Analysis of relative expression levels in different imago tissues using the qRT-PCR method confirmed activation of the upd1 gene expression in response to mifepristone treatment (Fig. 2). In male intestinal cells, expression of the upd1 gene was enhanced 25-fold; in females, 6-fold (Fig. 2a). In fat body cells, expression of the upd1 gene increased 2-fold in males and 4-fold in females (Fig. 2b). In nervous system cells, a 1.5-fold enhancement of expression was observed in males, and a 5-fold increase in females (Fig. 2c).

Fig. 2
figure2

Relative expression levels of the upd1 gene in Drosophila melanogaster imago tissues activated by tissue-specific drivers: a intestines (TIGS-2); b fat body (Switch1.32); c nervous system (ELAV-GS)

To clarify whether the lifespan alteration in flies overexpressing upd1 is associated with activation of the JAK/STAT signaling pathway, we analyzed the expression level of domeless and Suppressor of cytokine signaling at 36E (Socs36E), which are the JAK/STAT target genes [17, 18]. We found that the activation of upd1 expression led to a 1.5–3-fold increase in the levels of domeless in all studied tissues, and a 1.5–2.5-fold increase in the levels of Socs36E mRNA in the fat body and nervous system, respectively (Fig. 3). These data suggest that overexpression of upd1 transcription is accompanied by the induction of JAK/STAT signaling components and may influence the Drosophila lifespan through this pathway.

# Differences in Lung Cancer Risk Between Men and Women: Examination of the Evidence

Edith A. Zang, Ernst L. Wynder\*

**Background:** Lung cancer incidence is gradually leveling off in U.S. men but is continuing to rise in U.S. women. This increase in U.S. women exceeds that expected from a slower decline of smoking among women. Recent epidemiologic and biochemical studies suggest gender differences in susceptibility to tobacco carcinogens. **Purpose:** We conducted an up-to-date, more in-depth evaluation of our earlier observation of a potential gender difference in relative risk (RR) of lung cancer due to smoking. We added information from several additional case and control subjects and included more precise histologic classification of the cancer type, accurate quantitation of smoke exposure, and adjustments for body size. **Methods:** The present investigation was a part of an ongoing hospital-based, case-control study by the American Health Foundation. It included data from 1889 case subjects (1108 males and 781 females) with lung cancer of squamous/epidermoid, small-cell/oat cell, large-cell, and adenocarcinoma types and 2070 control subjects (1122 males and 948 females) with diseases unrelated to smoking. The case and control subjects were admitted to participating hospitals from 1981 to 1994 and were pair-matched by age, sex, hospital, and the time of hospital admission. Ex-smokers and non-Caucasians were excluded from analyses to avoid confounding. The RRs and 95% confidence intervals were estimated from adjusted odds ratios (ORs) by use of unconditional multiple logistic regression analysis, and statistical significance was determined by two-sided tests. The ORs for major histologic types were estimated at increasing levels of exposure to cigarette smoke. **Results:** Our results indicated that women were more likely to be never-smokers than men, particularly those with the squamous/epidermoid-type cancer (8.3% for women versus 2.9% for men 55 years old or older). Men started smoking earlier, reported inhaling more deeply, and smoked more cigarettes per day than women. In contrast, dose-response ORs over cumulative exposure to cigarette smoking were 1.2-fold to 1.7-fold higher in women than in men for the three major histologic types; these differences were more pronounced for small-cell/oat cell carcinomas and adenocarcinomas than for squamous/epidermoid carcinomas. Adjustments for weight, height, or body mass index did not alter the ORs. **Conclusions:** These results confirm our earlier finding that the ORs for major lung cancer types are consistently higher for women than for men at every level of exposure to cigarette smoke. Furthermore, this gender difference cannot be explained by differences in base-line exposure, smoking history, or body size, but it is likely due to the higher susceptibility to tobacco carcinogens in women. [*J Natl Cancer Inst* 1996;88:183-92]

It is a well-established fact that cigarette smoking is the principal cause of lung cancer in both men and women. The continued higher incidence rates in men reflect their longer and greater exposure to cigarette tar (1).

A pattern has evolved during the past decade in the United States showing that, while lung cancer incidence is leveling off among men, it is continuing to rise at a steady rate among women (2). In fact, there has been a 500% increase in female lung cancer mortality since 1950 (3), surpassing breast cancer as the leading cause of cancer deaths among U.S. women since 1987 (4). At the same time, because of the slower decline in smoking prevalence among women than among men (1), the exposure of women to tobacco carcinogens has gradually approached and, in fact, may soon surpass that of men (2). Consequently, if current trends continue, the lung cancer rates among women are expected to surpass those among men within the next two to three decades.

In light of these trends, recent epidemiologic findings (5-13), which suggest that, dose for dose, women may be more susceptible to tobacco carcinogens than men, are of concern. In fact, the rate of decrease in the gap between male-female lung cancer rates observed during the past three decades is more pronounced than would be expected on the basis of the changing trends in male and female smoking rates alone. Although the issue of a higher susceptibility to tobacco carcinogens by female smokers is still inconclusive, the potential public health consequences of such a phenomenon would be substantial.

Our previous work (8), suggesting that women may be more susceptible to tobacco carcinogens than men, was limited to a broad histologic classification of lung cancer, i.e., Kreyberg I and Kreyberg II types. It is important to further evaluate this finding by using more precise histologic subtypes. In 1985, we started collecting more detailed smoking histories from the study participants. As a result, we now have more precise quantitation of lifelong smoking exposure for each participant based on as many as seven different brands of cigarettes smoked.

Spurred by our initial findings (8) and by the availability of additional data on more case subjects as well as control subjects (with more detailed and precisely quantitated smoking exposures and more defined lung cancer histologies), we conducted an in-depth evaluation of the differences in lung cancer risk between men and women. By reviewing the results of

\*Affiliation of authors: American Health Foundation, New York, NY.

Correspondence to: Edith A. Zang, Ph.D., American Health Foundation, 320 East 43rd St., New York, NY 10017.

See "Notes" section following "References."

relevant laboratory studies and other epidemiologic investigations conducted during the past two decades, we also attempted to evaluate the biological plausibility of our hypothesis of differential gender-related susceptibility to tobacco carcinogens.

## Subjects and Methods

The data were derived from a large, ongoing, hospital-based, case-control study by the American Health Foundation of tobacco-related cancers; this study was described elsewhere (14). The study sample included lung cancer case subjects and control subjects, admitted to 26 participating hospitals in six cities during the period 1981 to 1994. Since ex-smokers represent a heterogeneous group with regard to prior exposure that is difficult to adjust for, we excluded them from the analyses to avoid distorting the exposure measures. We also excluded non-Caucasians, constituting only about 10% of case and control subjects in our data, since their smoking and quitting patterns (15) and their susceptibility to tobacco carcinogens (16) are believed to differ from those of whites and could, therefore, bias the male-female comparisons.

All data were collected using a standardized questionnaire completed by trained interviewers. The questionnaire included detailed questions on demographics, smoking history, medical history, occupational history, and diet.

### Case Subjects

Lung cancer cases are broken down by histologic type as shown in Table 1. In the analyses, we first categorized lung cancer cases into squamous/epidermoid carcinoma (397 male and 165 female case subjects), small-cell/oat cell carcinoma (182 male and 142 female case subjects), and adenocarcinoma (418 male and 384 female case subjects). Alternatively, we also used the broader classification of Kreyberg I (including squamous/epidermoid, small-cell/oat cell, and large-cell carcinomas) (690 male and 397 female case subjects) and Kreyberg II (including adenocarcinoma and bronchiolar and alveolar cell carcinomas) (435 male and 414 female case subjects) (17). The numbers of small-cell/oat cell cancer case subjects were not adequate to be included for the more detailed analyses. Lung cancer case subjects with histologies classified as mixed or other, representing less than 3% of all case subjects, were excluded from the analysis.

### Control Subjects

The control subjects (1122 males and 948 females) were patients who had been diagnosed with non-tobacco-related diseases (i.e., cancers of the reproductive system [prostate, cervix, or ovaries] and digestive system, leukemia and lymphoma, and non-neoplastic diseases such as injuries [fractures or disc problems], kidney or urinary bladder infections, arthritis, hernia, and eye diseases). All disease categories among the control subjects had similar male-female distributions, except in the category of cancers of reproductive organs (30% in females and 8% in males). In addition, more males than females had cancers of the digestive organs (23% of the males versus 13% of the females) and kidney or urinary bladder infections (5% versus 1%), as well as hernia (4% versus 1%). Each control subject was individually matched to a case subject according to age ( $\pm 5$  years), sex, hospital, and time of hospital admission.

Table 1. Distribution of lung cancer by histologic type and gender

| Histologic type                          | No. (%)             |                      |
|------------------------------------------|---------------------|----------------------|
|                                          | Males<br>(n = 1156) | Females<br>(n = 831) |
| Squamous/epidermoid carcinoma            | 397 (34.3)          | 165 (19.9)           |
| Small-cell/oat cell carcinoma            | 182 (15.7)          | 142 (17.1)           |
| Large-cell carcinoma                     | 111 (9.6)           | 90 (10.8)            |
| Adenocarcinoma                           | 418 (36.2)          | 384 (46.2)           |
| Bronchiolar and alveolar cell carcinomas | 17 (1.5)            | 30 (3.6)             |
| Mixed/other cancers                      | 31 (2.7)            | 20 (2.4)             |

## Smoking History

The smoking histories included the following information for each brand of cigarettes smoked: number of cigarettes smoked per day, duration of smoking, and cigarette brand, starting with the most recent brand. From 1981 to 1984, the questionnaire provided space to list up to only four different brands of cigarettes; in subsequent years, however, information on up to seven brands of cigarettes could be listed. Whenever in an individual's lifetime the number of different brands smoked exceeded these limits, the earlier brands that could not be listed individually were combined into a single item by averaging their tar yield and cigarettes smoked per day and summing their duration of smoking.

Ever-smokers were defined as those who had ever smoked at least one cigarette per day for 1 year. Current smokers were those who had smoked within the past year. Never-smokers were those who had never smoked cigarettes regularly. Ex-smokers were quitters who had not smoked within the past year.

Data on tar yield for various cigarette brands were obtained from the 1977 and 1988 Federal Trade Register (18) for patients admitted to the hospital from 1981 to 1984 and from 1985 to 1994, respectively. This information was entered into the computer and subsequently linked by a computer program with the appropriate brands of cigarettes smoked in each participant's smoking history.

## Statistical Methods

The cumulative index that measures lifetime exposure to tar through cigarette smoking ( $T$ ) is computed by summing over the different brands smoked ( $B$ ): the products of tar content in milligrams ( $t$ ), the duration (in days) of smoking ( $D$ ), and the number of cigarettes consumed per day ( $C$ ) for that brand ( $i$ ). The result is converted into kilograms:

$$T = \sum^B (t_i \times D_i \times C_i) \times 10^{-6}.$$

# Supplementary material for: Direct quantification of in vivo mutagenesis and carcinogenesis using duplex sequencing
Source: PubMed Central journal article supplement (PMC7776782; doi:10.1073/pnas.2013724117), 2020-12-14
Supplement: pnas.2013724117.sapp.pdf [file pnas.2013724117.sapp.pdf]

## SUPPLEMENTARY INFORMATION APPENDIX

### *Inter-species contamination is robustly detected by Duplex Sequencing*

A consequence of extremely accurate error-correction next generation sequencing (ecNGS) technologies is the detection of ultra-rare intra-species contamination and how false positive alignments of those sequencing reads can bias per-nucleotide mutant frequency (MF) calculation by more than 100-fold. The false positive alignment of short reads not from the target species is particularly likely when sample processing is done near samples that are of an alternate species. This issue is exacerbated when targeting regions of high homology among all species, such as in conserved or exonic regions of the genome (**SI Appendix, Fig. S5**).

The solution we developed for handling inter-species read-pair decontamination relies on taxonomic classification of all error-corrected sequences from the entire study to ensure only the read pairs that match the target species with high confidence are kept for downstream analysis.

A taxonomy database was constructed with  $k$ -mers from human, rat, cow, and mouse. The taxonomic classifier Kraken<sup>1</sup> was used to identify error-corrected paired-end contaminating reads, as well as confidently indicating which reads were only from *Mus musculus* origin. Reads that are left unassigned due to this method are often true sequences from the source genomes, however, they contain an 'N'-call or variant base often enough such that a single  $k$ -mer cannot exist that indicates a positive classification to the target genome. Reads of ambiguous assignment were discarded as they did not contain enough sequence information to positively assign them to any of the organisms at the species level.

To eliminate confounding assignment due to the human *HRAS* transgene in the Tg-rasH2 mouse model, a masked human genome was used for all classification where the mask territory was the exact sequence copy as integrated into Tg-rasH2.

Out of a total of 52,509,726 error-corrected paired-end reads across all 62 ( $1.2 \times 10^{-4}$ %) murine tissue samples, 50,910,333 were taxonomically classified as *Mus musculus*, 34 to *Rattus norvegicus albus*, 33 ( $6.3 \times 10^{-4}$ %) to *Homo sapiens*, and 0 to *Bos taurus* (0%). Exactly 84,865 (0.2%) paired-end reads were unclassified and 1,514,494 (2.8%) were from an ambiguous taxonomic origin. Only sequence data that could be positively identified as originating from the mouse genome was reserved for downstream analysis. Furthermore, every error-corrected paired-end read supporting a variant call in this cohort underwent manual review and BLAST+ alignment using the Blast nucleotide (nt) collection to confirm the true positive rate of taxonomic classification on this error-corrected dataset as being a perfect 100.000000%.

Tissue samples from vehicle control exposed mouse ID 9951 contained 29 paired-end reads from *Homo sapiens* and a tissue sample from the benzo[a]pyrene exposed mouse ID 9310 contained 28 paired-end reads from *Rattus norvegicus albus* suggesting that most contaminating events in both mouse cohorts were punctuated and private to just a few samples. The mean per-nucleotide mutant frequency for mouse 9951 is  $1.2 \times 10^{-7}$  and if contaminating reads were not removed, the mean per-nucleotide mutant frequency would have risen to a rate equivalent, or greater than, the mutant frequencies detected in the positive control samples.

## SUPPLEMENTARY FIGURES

Fig. 3
figure3

Relative expression levels of the domeless and Socs36E in Drosophila melanogaster imago tissues (a, b intestines (TIGS-2), c, d fat body (Switch1.32), and e, f nervous system (ELAV-GS)) with overexpression of upd1

Histology of intestine

To find whether the lifespan decreasing in UAS-upd1/TIGS-2 flies within the digestive system is caused by disruption of intestinal tissue homeostasis, we carried out the histological study. The histological observation of intestines revealed that the mifepristone treatment induced progressive dysplasia of gut epithelium in UAS-upd1/TIGS-2 females at ages from 1 to 10 days (Fig. 4). This disruption of intestinal tissue homeostasis may result in the increasing mortality rates of flies with upd1 overexpression in intestine.

Fig. 4
figure4

Mifepristone induces dysplasia of gut epithelium in in UAS-upd1/TIGS-2 females. Transverse sections through the intestine of: a 1 day old (-RU486), b 10 days old (-RU486), c 1 day old (+RU486), d 10 days old (+RU486). All magnitudes × 800

Discussion